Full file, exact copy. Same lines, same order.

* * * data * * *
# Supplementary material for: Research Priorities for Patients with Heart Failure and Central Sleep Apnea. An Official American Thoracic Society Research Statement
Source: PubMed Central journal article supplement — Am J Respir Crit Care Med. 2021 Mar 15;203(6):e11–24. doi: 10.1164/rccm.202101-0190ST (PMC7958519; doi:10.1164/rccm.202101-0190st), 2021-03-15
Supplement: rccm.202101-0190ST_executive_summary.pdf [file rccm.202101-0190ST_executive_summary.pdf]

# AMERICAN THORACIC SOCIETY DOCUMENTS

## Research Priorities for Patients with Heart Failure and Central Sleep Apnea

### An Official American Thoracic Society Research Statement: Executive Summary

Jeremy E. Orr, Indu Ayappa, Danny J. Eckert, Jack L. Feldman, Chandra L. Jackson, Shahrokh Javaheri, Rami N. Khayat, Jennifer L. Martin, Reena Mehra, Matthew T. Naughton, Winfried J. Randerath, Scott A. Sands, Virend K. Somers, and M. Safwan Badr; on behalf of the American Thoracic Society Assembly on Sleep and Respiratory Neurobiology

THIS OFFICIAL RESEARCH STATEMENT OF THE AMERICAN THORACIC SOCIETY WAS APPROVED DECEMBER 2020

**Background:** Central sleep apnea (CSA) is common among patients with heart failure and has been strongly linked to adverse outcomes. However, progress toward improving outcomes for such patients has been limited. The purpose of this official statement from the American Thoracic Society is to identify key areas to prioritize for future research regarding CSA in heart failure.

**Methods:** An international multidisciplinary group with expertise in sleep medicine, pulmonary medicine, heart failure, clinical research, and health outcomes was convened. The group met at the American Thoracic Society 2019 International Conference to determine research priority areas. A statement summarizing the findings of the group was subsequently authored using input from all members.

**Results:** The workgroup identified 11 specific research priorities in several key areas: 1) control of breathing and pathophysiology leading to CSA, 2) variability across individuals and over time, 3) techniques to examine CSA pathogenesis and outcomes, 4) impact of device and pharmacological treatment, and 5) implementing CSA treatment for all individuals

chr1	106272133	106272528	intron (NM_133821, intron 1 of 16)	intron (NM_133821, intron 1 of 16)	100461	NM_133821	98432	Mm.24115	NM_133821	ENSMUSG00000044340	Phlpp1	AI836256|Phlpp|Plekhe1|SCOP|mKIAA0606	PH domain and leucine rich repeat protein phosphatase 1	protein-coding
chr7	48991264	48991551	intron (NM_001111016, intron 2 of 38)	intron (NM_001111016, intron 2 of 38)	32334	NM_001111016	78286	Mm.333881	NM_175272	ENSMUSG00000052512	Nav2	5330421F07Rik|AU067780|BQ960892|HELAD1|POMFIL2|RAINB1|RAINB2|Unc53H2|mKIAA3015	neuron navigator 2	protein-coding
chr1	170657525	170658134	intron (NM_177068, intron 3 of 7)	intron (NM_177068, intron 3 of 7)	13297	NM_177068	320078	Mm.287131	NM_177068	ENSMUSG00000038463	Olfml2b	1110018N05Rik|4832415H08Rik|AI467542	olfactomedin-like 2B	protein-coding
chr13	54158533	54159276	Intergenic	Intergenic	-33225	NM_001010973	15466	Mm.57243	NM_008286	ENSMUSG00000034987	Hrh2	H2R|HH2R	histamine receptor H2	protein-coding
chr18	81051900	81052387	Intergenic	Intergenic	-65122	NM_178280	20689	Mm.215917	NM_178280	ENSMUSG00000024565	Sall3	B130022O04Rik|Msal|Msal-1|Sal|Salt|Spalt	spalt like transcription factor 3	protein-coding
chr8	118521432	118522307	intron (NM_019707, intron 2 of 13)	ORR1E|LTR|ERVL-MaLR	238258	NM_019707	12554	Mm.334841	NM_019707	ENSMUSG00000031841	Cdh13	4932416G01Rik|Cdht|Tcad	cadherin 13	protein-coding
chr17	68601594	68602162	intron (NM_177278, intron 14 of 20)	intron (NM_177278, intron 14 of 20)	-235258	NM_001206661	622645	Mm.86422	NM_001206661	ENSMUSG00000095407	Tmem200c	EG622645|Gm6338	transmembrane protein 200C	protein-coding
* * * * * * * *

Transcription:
# Supplementary material for: Research Priorities for Patients with Heart Failure and Central Sleep Apnea. An Official American Thoracic Society Research Statement
Source: PubMed Central journal article supplement — Am J Respir Crit Care Med. 2021 Mar 15;203(6):e11–24. doi: 10.1164/rccm.202101-0190ST (PMC7958519; doi:10.1164/rccm.202101-0190st), 2021-03-15
Supplement: rccm.202101-0190ST_executive_summary.pdf [file rccm.202101-0190ST_executive_summary.pdf]

# AMERICAN THORACIC SOCIETY DOCUMENTS

## Research Priorities for Patients with Heart Failure and Central Sleep Apnea

### An Official American Thoracic Society Research Statement: Executive Summary

Jeremy E. Orr, Indu Ayappa, Danny J. Eckert, Jack L. Feldman, Chandra L. Jackson, Shahrokh Javaheri, Rami N. Khayat, Jennifer L. Martin, Reena Mehra, Matthew T. Naughton, Winfried J. Randerath, Scott A. Sands, Virend K. Somers, and M. Safwan Badr; on behalf of the American Thoracic Society Assembly on Sleep and Respiratory Neurobiology

THIS OFFICIAL RESEARCH STATEMENT OF THE AMERICAN THORACIC SOCIETY WAS APPROVED DECEMBER 2020

**Background:** Central sleep apnea (CSA) is common among patients with heart failure and has been strongly linked to adverse outcomes. However, progress toward improving outcomes for such patients has been limited. The purpose of this official statement from the American Thoracic Society is to identify key areas to prioritize for future research regarding CSA in heart failure.

**Methods:** An international multidisciplinary group with expertise in sleep medicine, pulmonary medicine, heart failure, clinical research, and health outcomes was convened. The group met at the American Thoracic Society 2019 International Conference to determine research priority areas. A statement summarizing the findings of the group was subsequently authored using input from all members.

**Results:** The workgroup identified 11 specific research priorities in several key areas: 1) control of breathing and pathophysiology leading to CSA, 2) variability across individuals and over time, 3) techniques to examine CSA pathogenesis and outcomes, 4) impact of device and pharmacological treatment, and 5) implementing CSA treatment for all individuals

chr1	106272133	106272528	intron (NM_133821, intron 1 of 16)	intron (NM_133821, intron 1 of 16)	100461	NM_133821	98432	Mm.24115	NM_133821	ENSMUSG00000044340	Phlpp1	AI836256|Phlpp|Plekhe1|SCOP|mKIAA0606	PH domain and leucine rich repeat protein phosphatase 1	protein-coding
chr7	48991264	48991551	intron (NM_001111016, intron 2 of 38)	intron (NM_001111016, intron 2 of 38)	32334	NM_001111016	78286	Mm.333881	NM_175272	ENSMUSG00000052512	Nav2	5330421F07Rik|AU067780|BQ960892|HELAD1|POMFIL2|RAINB1|RAINB2|Unc53H2|mKIAA3015	neuron navigator 2	protein-coding
chr1	170657525	170658134	intron (NM_177068, intron 3 of 7)	intron (NM_177068, intron 3 of 7)	13297	NM_177068	320078	Mm.287131	NM_177068	ENSMUSG00000038463	Olfml2b	1110018N05Rik|4832415H08Rik|AI467542	olfactomedin-like 2B	protein-coding
chr13	54158533	54159276	Intergenic	Intergenic	-33225	NM_001010973	15466	Mm.57243	NM_008286	ENSMUSG00000034987	Hrh2	H2R|HH2R	histamine receptor H2	protein-coding
chr18	81051900	81052387	Intergenic	Intergenic	-65122	NM_178280	20689	Mm.215917	NM_178280	ENSMUSG00000024565	Sall3	B130022O04Rik|Msal|Msal-1|Sal|Salt|Spalt	spalt like transcription factor 3	protein-coding
chr8	118521432	118522307	intron (NM_019707, intron 2 of 13)	ORR1E|LTR|ERVL-MaLR	238258	NM_019707	12554	Mm.334841	NM_019707	ENSMUSG00000031841	Cdh13	4932416G01Rik|Cdht|Tcad	cadherin 13	protein-coding
chr17	68601594	68602162	intron (NM_177278, intron 14 of 20)	intron (NM_177278, intron 14 of 20)	-235258	NM_001206661	622645	Mm.86422	NM_001206661	ENSMUSG00000095407	Tmem200c	EG622645|Gm6338	transmembrane protein 200C	protein-coding